I'm currently taking 5000IU of vitamin D daily. My multi-vitamin-mineral-whatever pill has no large dosages as I want it to be a supplement for what I might be missing and not a replacement. I might change my mind later but that's what I'm currently doing.

16 posted on 05/01/2011 7:16:04 PM PDT by decimon
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To: decimon

You gonna answer my question? Which form of D?


17 posted on 05/01/2011 7:31:20 PM PDT by allmost
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To: decimon

How long have you been doing that? Be careful you may end up with Kidney stones.


18 posted on 05/01/2011 7:32:13 PM PDT by ThisLittleLightofMine
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To: allmost
You gonna answer my question? Which form of D?

I answered in post #9. I don't know because the article doesn't say and it has no link to any source.

19 posted on 05/01/2011 7:51:26 PM PDT by decimon
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To: decimon

They’ve said for years 15 min of sunlight a day gives you enough Vit D, kids play outside, so what about that fact?


20 posted on 05/01/2011 8:10:59 PM PDT by Beowulf9
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To: decimon

Multiple forms often contend for the same receptors. Supplements can be weird. “take more vitamin D” can be risky for some people.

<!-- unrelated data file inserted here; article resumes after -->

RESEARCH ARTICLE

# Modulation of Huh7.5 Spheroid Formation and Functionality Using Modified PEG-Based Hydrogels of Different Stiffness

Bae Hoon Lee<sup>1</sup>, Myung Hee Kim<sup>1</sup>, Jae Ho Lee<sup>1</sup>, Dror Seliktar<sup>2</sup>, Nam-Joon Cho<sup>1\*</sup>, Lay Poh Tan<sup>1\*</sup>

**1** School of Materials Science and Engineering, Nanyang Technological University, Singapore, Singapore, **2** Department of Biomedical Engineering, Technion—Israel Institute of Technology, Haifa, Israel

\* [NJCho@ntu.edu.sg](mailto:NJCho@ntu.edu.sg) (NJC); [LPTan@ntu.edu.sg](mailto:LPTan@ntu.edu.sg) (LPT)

21 posted on 05/01/2011 8:13:12 PM PDT by allmost
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To: Beowulf9
They’ve said for years 15 min of sunlight a day gives you enough Vit D, kids play outside, so what about that fact?

The fact about that fact is that it's not a fact. The sun must be high in the sky for our skin to make vitamin D. In most of the United States the sun never gets high enough for much of the year.

22 posted on 05/01/2011 8:17:57 PM PDT by decimon
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To: allmost; decimon
Which forms of vitamin D were they testing for? There are more than one, D3 and D6 mainly.

PROVISIONAL INTERNATIONAL UNION OF PURE AND APPLIED CHEMISTRY and INTERNATIONAL UNION OF BIOCHEMISTRY JOINT COMMISSION ON BIOCHEMICAL NOMENCLATURE* NOMENCLATURE OF VITAMIN D PDF